In addition to Les Cordeliers, through the digital mapping of their burial sites, the Dominican Church of Les Jacobins visually emerges as a key location where women (and men) chose to be buried. While many of the tomb effigies from this church have been moved now to the abbey of Saint-Denis, in the Middle Ages, they were clustered in Les Jacobins. The practice of body division enabled the wealthy to have their hearts, and sometimes their other organs buried apart from the rest of their bodies. This was particularly appealing to women who had crossed borders to fulfill their familial duties of marrying distant men. Their multiple burial sites allowed them to bridge the divides between their natal and their marital lands – even in death.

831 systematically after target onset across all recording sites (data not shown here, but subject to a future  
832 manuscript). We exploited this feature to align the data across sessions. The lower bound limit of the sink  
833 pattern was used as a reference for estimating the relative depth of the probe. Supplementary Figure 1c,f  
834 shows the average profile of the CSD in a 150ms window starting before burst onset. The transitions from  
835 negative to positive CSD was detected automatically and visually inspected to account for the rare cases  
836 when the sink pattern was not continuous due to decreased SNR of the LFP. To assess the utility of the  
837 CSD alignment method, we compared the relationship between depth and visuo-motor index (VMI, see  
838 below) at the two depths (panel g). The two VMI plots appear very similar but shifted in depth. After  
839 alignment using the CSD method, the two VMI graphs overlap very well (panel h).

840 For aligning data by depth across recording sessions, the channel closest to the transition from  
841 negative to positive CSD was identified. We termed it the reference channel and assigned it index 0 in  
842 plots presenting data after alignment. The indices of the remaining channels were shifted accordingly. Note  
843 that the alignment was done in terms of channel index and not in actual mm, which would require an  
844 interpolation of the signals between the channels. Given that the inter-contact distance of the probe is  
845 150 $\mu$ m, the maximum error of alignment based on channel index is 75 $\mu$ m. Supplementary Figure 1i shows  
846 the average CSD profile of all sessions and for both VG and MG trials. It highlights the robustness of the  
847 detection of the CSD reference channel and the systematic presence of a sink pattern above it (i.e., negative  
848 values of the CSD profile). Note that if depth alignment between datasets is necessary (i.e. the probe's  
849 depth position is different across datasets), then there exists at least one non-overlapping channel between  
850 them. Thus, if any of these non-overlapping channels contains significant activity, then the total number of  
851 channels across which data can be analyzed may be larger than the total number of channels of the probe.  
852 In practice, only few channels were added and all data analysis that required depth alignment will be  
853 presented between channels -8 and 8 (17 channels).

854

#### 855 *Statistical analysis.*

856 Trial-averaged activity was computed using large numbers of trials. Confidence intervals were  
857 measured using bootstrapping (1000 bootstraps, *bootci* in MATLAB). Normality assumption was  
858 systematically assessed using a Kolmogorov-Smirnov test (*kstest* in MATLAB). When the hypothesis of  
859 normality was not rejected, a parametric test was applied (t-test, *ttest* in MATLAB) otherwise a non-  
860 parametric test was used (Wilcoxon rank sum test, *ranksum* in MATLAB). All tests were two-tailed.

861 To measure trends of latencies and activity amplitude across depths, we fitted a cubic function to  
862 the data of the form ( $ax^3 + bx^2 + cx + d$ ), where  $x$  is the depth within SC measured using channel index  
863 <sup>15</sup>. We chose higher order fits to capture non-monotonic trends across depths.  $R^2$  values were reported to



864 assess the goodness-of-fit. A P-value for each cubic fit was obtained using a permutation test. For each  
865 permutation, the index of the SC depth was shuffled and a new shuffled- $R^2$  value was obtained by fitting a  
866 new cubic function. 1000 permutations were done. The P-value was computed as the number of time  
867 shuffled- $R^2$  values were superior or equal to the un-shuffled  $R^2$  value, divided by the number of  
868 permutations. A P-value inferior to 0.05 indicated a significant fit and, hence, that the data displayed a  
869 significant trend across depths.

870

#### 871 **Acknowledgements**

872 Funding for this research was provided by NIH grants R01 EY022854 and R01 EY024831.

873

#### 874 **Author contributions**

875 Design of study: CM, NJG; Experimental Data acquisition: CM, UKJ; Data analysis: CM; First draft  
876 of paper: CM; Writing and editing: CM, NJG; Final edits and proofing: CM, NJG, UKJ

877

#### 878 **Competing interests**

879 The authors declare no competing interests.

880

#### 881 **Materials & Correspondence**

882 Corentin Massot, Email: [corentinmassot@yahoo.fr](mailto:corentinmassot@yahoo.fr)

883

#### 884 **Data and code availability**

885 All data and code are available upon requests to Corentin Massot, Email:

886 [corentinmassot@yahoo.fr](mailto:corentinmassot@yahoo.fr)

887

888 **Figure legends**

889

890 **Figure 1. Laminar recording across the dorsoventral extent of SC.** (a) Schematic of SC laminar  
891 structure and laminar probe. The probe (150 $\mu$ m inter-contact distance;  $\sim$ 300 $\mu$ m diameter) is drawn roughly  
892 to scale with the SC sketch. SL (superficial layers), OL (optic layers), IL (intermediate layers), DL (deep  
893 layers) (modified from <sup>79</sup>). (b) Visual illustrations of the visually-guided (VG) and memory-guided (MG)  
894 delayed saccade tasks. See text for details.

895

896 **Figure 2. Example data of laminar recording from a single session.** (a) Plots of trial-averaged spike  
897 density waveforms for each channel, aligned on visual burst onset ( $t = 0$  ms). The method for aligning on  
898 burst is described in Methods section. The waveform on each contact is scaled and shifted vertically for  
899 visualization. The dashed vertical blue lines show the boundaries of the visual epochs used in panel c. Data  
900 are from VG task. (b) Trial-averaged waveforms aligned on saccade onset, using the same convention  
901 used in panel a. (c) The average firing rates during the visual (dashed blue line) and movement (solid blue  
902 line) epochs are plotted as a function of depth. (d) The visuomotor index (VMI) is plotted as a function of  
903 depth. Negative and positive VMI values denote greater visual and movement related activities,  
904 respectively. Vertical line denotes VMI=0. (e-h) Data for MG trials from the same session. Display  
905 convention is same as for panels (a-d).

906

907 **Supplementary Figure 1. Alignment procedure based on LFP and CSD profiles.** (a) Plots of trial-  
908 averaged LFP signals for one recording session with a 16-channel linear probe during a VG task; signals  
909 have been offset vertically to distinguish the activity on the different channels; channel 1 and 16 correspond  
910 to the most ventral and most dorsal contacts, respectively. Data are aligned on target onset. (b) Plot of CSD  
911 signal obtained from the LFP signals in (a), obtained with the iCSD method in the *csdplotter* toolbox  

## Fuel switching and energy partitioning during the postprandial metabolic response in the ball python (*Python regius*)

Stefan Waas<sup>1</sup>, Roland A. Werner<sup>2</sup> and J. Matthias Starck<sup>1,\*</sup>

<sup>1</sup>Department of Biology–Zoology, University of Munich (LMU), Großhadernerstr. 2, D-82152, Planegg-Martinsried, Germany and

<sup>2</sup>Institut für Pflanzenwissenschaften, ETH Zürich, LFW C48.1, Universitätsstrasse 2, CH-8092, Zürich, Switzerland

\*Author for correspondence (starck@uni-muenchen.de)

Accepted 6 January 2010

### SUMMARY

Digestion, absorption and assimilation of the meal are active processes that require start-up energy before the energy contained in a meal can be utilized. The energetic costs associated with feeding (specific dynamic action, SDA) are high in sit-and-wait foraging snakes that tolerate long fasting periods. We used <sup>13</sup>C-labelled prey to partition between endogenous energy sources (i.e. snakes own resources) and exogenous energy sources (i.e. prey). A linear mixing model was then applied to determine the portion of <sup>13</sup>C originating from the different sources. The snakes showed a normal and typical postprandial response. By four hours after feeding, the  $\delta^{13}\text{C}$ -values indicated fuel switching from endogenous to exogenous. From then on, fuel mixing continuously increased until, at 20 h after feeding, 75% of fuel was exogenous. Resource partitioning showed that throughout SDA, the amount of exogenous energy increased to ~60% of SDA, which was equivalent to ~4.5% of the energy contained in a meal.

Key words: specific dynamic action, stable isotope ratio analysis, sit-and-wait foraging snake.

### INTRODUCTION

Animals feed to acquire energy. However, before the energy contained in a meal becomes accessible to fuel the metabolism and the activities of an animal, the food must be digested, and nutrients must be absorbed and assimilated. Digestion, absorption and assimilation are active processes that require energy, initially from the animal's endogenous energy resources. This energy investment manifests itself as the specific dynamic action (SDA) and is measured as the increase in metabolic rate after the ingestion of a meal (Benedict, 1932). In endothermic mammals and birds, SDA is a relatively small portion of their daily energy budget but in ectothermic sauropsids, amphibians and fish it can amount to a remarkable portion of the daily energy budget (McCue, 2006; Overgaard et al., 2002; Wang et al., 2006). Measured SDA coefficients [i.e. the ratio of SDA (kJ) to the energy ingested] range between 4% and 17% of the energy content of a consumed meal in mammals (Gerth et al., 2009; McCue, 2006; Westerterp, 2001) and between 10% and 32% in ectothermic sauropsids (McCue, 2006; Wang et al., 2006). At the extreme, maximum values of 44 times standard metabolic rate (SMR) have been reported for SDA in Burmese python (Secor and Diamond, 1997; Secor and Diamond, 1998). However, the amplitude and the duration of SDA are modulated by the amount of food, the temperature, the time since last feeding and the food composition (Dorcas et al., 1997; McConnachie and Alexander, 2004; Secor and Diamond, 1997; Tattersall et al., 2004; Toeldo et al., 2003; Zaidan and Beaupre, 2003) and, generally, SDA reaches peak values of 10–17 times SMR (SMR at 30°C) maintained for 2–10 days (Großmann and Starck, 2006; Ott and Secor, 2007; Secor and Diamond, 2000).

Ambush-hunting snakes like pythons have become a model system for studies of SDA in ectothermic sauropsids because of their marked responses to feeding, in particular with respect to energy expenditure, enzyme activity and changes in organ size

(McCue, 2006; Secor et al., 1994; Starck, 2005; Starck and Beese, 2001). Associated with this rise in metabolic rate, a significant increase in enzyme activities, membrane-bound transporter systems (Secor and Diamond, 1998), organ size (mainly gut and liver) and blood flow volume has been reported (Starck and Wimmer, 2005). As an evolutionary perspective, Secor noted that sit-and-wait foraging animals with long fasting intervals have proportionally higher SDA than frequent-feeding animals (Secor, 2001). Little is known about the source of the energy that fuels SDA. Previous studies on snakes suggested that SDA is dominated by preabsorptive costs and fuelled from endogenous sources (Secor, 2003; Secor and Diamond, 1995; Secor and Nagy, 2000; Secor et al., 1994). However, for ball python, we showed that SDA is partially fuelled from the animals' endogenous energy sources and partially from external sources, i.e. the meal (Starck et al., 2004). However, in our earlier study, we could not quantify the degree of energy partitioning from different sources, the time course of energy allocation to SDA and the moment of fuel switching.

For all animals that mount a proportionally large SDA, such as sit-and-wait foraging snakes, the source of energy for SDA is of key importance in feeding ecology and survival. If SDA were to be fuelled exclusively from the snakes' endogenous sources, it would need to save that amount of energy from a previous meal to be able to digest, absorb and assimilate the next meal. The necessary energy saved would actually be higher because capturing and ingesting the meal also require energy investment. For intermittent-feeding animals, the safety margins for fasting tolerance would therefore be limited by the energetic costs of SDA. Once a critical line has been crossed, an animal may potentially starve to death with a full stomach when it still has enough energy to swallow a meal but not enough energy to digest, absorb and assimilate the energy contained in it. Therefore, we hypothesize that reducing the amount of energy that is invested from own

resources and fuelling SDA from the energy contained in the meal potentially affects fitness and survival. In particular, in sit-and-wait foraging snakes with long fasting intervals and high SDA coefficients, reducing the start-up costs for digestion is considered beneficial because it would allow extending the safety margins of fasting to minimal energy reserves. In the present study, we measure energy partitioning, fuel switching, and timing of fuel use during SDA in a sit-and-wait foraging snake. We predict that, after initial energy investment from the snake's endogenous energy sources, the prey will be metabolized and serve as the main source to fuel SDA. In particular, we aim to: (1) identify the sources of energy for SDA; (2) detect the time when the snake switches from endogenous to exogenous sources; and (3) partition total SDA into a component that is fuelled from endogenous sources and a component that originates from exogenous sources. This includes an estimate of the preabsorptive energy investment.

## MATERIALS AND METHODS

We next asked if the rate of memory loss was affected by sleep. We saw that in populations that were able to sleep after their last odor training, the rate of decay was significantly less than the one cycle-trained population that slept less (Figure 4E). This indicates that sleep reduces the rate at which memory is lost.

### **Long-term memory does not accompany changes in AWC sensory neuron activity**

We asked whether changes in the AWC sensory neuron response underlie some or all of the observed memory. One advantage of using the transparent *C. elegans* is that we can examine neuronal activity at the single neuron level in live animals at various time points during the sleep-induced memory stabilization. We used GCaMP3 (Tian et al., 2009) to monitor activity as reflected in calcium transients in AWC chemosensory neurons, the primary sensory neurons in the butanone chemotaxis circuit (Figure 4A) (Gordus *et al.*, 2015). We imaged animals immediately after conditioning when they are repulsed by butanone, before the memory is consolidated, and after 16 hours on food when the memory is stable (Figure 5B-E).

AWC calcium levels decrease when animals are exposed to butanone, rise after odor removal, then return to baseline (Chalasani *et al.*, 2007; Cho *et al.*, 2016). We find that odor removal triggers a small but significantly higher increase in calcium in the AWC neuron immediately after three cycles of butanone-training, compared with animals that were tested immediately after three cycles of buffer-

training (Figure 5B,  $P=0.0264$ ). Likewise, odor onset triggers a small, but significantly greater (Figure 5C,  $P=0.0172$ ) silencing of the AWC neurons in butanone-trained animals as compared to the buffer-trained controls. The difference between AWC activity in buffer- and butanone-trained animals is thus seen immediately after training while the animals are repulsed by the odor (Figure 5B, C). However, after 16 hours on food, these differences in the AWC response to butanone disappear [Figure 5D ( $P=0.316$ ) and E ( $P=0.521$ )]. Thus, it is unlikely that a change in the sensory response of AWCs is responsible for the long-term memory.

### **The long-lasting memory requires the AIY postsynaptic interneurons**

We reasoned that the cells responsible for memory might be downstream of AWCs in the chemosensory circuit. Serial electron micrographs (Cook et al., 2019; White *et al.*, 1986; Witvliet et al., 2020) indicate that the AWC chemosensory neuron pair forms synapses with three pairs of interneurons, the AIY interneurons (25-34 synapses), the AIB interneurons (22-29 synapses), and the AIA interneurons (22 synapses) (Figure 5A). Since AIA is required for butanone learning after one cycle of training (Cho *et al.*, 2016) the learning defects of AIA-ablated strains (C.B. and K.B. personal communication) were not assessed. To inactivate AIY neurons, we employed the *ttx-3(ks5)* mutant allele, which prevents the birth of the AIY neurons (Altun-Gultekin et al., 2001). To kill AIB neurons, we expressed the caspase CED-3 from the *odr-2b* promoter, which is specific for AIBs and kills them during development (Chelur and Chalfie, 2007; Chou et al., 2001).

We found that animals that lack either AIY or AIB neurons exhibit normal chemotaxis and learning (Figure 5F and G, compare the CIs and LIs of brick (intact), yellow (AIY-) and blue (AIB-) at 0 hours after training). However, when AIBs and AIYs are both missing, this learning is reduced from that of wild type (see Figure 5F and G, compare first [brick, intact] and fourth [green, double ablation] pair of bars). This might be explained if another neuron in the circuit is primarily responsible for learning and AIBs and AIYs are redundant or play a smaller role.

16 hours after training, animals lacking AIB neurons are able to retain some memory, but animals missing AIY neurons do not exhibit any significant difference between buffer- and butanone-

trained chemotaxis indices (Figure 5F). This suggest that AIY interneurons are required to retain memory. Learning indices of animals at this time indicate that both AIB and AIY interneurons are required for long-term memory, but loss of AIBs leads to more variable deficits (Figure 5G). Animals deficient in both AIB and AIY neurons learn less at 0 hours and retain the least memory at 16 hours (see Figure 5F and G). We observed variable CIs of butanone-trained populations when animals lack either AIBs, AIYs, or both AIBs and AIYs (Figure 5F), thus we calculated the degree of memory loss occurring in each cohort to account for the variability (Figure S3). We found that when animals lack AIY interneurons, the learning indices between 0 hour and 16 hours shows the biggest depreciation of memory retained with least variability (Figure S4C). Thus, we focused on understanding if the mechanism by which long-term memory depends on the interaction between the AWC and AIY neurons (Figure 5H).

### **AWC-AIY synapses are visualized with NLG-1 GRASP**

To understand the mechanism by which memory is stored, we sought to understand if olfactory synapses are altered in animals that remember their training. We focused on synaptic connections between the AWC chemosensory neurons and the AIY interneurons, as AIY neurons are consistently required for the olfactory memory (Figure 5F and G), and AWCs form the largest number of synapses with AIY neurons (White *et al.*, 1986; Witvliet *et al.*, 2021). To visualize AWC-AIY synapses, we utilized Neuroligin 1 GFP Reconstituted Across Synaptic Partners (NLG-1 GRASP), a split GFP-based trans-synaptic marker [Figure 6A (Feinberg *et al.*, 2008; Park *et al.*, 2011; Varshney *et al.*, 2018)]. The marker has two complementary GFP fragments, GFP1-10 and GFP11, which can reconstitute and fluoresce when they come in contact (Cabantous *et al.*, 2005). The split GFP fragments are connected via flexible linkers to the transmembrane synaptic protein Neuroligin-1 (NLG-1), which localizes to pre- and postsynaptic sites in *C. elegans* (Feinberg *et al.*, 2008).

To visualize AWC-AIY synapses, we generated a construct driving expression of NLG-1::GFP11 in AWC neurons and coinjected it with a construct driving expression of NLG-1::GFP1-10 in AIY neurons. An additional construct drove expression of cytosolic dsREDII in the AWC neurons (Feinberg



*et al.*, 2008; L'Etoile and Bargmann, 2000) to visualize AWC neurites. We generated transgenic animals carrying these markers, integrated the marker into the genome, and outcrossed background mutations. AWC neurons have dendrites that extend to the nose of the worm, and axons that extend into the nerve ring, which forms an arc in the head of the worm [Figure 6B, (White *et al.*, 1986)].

For example, Queen Clémence de Hongrie, who died in 1328, had her body buried at Les Jacobins, but stipulated that her heart should be sent to Aix-en-Provence to be buried in the lands of her natal family. This practice enabled the women who had traveled great distances to straddle their natal and marital lands.